The skeleton of a dog native to the Americas.
American dogs are still present in at least one form — researchers discovered that a common form of transferable cancer among dogs bears traces of American dog DNA. Canine transmissible venereal tumors is one of only three known kinds of cancer that can spread from a host to another mammal.
"CTVT originated from the cells of a single dog, known as the 'CTVT founder dog,' that lived several thousand years ago. Remarkably, the research revealed that the dog that first spawned CTVT was closely related to American pre-contact dogs. Overall the results indicate that this cancer, now found worldwide, possesses a genome that is the last remaining vestige of the dog population that was once found all across the Americas," the news release said.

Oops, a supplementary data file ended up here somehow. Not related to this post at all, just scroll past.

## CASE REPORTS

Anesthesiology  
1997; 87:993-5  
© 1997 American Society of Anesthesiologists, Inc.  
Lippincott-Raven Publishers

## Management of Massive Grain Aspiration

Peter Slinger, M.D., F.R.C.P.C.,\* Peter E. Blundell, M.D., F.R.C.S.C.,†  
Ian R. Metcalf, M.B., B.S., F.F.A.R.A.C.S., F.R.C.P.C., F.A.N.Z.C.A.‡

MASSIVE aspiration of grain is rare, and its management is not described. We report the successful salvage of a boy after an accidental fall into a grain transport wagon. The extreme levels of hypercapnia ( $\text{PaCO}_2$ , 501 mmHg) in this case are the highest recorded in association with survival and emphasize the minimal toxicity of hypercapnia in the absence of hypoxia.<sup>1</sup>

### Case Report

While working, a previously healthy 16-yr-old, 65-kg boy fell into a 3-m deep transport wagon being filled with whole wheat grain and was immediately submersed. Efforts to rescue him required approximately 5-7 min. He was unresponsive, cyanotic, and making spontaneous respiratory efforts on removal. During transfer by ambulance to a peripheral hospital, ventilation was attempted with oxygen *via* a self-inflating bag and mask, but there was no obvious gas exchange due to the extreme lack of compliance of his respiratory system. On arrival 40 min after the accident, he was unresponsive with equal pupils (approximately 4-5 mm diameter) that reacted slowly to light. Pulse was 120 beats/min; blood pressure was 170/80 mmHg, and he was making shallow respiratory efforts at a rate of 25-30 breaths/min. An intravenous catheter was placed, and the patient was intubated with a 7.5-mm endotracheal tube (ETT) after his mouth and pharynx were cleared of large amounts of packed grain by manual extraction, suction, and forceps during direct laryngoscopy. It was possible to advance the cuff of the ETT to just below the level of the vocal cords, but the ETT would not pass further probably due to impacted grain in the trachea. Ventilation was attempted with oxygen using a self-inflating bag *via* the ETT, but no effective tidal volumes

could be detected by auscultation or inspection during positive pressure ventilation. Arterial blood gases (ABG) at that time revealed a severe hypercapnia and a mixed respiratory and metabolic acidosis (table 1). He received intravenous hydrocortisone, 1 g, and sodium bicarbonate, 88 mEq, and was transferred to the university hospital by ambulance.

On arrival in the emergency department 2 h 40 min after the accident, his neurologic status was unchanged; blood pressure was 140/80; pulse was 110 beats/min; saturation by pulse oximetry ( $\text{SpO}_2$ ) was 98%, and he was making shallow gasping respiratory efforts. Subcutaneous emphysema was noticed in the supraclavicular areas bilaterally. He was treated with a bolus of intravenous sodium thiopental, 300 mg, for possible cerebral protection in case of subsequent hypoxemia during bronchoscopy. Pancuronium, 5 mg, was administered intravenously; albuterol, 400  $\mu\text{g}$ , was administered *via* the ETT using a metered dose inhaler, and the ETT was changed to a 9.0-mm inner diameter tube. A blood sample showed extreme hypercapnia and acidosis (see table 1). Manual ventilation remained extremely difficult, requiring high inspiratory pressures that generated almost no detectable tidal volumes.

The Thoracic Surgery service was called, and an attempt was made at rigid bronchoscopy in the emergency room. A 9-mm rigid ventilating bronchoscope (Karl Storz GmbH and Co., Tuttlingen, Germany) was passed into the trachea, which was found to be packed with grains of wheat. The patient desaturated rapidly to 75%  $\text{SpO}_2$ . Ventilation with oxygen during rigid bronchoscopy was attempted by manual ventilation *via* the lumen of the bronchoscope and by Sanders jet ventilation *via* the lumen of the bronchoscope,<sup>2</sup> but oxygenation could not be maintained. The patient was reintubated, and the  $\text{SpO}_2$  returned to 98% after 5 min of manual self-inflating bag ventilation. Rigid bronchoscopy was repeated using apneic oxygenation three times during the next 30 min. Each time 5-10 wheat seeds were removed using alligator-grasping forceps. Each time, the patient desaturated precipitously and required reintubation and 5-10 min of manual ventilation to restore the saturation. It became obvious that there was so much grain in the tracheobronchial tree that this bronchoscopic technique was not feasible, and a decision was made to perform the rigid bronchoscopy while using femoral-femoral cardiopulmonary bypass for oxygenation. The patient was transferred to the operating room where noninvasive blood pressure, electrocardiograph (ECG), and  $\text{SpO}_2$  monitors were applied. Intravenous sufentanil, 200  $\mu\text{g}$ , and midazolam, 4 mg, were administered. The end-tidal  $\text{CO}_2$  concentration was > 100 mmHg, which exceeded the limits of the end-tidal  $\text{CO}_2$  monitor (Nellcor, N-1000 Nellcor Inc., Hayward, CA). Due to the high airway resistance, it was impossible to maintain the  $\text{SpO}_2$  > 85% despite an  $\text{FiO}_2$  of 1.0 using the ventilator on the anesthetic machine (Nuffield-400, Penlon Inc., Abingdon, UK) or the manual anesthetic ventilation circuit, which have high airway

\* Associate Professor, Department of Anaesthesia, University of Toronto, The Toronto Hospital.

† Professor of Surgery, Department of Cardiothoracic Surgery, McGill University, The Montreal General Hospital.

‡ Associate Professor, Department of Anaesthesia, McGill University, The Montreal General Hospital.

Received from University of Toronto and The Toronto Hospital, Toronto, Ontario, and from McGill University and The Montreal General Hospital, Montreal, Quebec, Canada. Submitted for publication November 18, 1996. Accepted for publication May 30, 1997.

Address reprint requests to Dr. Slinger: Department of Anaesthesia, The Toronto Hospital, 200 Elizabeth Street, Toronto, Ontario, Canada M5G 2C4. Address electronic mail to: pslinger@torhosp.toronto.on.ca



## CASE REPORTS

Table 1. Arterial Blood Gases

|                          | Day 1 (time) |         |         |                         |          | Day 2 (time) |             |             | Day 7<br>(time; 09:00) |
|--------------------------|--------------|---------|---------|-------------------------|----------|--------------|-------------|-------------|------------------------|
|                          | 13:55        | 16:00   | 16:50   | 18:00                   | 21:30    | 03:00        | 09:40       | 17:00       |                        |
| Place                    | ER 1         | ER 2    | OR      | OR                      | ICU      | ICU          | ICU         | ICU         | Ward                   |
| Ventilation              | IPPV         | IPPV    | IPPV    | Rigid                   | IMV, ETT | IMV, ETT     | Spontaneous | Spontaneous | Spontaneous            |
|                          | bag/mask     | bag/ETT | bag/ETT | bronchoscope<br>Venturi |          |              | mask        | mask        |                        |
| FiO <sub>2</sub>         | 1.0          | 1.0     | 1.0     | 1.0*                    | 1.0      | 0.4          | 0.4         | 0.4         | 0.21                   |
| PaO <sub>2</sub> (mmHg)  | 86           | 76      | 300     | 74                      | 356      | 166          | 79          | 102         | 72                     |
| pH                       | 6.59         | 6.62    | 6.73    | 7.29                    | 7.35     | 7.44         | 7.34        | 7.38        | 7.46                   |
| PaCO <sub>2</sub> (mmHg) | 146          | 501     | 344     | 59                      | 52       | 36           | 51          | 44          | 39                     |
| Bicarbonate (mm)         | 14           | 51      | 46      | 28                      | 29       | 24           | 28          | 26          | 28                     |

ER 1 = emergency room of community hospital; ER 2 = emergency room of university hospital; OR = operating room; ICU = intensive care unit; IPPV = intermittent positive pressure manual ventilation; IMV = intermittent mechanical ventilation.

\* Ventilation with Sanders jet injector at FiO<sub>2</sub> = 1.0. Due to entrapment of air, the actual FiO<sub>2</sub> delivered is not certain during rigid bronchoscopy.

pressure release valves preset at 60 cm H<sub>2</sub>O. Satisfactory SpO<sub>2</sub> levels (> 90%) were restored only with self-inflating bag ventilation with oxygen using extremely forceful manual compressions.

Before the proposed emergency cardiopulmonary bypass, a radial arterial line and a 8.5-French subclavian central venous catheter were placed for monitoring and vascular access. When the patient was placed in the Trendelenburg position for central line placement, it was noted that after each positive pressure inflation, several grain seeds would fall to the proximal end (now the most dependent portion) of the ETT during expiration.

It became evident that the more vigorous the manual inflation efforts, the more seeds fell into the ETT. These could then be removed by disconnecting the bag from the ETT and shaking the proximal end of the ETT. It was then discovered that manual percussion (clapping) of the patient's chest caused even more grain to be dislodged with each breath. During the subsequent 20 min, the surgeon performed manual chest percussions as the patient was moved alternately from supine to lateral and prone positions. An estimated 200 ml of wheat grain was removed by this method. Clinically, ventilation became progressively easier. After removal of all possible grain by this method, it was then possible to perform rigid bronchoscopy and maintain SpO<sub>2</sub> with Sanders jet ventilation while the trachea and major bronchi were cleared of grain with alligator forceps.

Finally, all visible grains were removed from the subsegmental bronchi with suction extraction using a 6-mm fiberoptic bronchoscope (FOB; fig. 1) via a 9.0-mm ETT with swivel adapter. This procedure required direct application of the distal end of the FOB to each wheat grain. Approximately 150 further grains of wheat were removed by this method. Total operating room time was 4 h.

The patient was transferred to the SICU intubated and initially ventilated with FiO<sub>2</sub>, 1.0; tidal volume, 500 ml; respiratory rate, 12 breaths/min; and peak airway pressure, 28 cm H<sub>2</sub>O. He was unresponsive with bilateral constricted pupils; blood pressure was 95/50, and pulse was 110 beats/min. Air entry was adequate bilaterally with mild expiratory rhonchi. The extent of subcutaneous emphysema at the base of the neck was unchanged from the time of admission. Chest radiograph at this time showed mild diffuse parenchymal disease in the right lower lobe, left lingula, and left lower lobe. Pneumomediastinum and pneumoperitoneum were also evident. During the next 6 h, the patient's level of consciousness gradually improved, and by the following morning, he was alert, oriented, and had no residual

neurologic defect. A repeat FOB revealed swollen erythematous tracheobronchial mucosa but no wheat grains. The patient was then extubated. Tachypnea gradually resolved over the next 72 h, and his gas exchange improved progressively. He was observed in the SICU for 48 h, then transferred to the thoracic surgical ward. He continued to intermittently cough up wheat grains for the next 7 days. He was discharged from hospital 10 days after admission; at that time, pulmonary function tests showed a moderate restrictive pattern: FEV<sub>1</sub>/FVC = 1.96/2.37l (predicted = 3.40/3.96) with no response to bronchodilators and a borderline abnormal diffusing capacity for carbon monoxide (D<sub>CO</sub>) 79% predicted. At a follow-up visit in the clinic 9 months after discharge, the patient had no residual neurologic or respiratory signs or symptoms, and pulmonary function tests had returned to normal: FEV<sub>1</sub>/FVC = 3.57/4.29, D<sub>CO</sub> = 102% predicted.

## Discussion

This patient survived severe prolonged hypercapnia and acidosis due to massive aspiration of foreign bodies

The study also made discoveries about the origins of American dogs.
Dogs native to the Americas did not come from American wolves but rather originated in Siberia and crossed the Bering Strait with the waves of human migration that settled the American land mass. They spread throughout both continents and became "an integral part of so many Native American cultures," Laurent Frantz from Queen Mary University of London said. Frantz is one of the study's lead authors.
More then 10 millennia of isolated evolution meant that American dogs developed "genetic signatures unlike dogs found anywhere else in the world," the news release said.
The research is scheduled to be published in Science, one of the world's premier academic journals, on Friday and will be titled "The Evolutionary History of Dogs in the Americas."